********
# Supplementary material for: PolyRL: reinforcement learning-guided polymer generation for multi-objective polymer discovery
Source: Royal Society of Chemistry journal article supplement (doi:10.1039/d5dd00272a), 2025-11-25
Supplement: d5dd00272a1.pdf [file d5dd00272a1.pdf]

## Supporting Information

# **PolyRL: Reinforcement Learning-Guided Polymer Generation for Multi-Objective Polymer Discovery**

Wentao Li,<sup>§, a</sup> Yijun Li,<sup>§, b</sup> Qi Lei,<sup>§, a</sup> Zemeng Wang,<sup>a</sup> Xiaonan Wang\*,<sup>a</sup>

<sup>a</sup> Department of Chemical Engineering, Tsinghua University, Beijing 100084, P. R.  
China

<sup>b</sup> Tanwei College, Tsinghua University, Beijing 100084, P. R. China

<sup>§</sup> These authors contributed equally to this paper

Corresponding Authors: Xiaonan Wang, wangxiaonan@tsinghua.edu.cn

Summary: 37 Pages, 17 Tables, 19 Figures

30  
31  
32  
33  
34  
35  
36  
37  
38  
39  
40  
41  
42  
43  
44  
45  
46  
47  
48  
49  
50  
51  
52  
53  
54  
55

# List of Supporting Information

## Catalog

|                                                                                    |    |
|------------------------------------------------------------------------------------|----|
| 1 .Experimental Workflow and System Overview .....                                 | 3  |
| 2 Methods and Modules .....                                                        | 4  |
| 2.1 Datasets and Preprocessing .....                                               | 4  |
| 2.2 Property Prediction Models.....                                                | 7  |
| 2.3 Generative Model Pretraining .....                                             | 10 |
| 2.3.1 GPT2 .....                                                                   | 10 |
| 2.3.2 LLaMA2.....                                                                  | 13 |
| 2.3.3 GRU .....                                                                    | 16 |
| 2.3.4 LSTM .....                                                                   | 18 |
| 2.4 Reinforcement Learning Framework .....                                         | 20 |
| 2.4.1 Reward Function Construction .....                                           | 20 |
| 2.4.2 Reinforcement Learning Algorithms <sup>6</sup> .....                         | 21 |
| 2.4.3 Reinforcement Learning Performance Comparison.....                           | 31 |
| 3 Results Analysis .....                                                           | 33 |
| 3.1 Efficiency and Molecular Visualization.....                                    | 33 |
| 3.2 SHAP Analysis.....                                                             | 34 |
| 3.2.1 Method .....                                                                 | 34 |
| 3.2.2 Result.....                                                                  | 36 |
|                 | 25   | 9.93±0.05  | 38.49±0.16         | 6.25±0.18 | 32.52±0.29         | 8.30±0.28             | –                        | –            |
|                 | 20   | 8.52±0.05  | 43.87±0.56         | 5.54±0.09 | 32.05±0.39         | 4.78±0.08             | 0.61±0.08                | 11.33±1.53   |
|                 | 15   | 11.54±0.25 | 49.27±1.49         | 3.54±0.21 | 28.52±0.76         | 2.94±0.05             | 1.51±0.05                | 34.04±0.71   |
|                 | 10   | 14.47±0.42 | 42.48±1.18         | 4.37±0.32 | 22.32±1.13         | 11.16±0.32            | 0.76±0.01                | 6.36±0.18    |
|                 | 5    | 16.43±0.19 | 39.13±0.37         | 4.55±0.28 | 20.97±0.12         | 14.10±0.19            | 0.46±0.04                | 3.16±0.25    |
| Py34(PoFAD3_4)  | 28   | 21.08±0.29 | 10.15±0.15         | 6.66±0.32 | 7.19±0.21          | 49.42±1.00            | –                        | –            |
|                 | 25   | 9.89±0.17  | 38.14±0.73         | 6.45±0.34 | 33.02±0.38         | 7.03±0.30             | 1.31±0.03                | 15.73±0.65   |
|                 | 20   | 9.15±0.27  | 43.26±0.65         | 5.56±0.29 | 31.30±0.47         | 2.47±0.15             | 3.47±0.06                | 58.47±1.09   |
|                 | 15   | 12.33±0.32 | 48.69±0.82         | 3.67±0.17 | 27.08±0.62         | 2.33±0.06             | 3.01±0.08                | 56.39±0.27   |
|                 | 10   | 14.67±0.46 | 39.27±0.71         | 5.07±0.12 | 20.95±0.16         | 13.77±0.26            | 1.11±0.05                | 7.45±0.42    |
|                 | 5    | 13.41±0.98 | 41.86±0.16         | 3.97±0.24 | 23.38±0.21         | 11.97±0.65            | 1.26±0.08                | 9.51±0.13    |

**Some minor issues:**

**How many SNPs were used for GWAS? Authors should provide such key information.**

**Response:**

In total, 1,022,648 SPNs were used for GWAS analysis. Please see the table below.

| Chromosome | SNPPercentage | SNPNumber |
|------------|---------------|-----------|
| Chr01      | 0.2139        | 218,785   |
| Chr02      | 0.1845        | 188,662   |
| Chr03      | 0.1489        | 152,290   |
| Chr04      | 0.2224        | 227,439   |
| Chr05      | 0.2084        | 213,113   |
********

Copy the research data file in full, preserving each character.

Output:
# Supplementary material for: PolyRL: reinforcement learning-guided polymer generation for multi-objective polymer discovery
Source: Royal Society of Chemistry journal article supplement (doi:10.1039/d5dd00272a), 2025-11-25
Supplement: d5dd00272a1.pdf [file d5dd00272a1.pdf]

## Supporting Information

# **PolyRL: Reinforcement Learning-Guided Polymer Generation for Multi-Objective Polymer Discovery**

Wentao Li,<sup>§, a</sup> Yijun Li,<sup>§, b</sup> Qi Lei,<sup>§, a</sup> Zemeng Wang,<sup>a</sup> Xiaonan Wang\*,<sup>a</sup>

<sup>a</sup> Department of Chemical Engineering, Tsinghua University, Beijing 100084, P. R.  
China

<sup>b</sup> Tanwei College, Tsinghua University, Beijing 100084, P. R. China

<sup>§</sup> These authors contributed equally to this paper

Corresponding Authors: Xiaonan Wang, wangxiaonan@tsinghua.edu.cn

Summary: 37 Pages, 17 Tables, 19 Figures

30  
31  
32  
33  
34  
35  
36  
37  
38  
39  
40  
41  
42  
43  
44  
45  
46  
47  
48  
49  
50  
51  
52  
53  
54  
55

# List of Supporting Information

## Catalog

|                                                                                    |    |
|------------------------------------------------------------------------------------|----|
| 1 .Experimental Workflow and System Overview .....                                 | 3  |
| 2 Methods and Modules .....                                                        | 4  |
| 2.1 Datasets and Preprocessing .....                                               | 4  |
| 2.2 Property Prediction Models.....                                                | 7  |
| 2.3 Generative Model Pretraining .....                                             | 10 |
| 2.3.1 GPT2 .....                                                                   | 10 |
| 2.3.2 LLaMA2.....                                                                  | 13 |
| 2.3.3 GRU .....                                                                    | 16 |
| 2.3.4 LSTM .....                                                                   | 18 |
| 2.4 Reinforcement Learning Framework .....                                         | 20 |
| 2.4.1 Reward Function Construction .....                                           | 20 |
| 2.4.2 Reinforcement Learning Algorithms <sup>6</sup> .....                         | 21 |
| 2.4.3 Reinforcement Learning Performance Comparison.....                           | 31 |
| 3 Results Analysis .....                                                           | 33 |
| 3.1 Efficiency and Molecular Visualization.....                                    | 33 |
| 3.2 SHAP Analysis.....                                                             | 34 |
| 3.2.1 Method .....                                                                 | 34 |
| 3.2.2 Result.....                                                                  | 36 |
|                 | 25   | 9.93±0.05  | 38.49±0.16         | 6.25±0.18 | 32.52±0.29         | 8.30±0.28             | –                        | –            |
|                 | 20   | 8.52±0.05  | 43.87±0.56         | 5.54±0.09 | 32.05±0.39         | 4.78±0.08             | 0.61±0.08                | 11.33±1.53   |
|                 | 15   | 11.54±0.25 | 49.27±1.49         | 3.54±0.21 | 28.52±0.76         | 2.94±0.05             | 1.51±0.05                | 34.04±0.71   |
|                 | 10   | 14.47±0.42 | 42.48±1.18         | 4.37±0.32 | 22.32±1.13         | 11.16±0.32            | 0.76±0.01                | 6.36±0.18    |
|                 | 5    | 16.43±0.19 | 39.13±0.37         | 4.55±0.28 | 20.97±0.12         | 14.10±0.19            | 0.46±0.04                | 3.16±0.25    |
| Py34(PoFAD3_4)  | 28   | 21.08±0.29 | 10.15±0.15         | 6.66±0.32 | 7.19±0.21          | 49.42±1.00            | –                        | –            |
|                 | 25   | 9.89±0.17  | 38.14±0.73         | 6.45±0.34 | 33.02±0.38         | 7.03±0.30             | 1.31±0.03                | 15.73±0.65   |
|                 | 20   | 9.15±0.27  | 43.26±0.65         | 5.56±0.29 | 31.30±0.47         | 2.47±0.15             | 3.47±0.06                | 58.47±1.09   |
|                 | 15   | 12.33±0.32 | 48.69±0.82         | 3.67±0.17 | 27.08±0.62         | 2.33±0.06             | 3.01±0.08                | 56.39±0.27   |
|                 | 10   | 14.67±0.46 | 39.27±0.71         | 5.07±0.12 | 20.95±0.16         | 13.77±0.26            | 1.11±0.05                | 7.45±0.42    |
|                 | 5    | 13.41±0.98 | 41.86±0.16         | 3.97±0.24 | 23.38±0.21         | 11.97±0.65            | 1.26±0.08                | 9.51±0.13    |

**Some minor issues:**

**How many SNPs were used for GWAS? Authors should provide such key information.**

**Response:**

In total, 1,022,648 SPNs were used for GWAS analysis. Please see the table below.

| Chromosome | SNPPercentage | SNPNumber |
|------------|---------------|-----------|
| Chr01      | 0.2139        | 218,785   |
| Chr02      | 0.1845        | 188,662   |
| Chr03      | 0.1489        | 152,290   |
| Chr04      | 0.2224        | 227,439   |
| Chr05      | 0.2084        | 213,113   |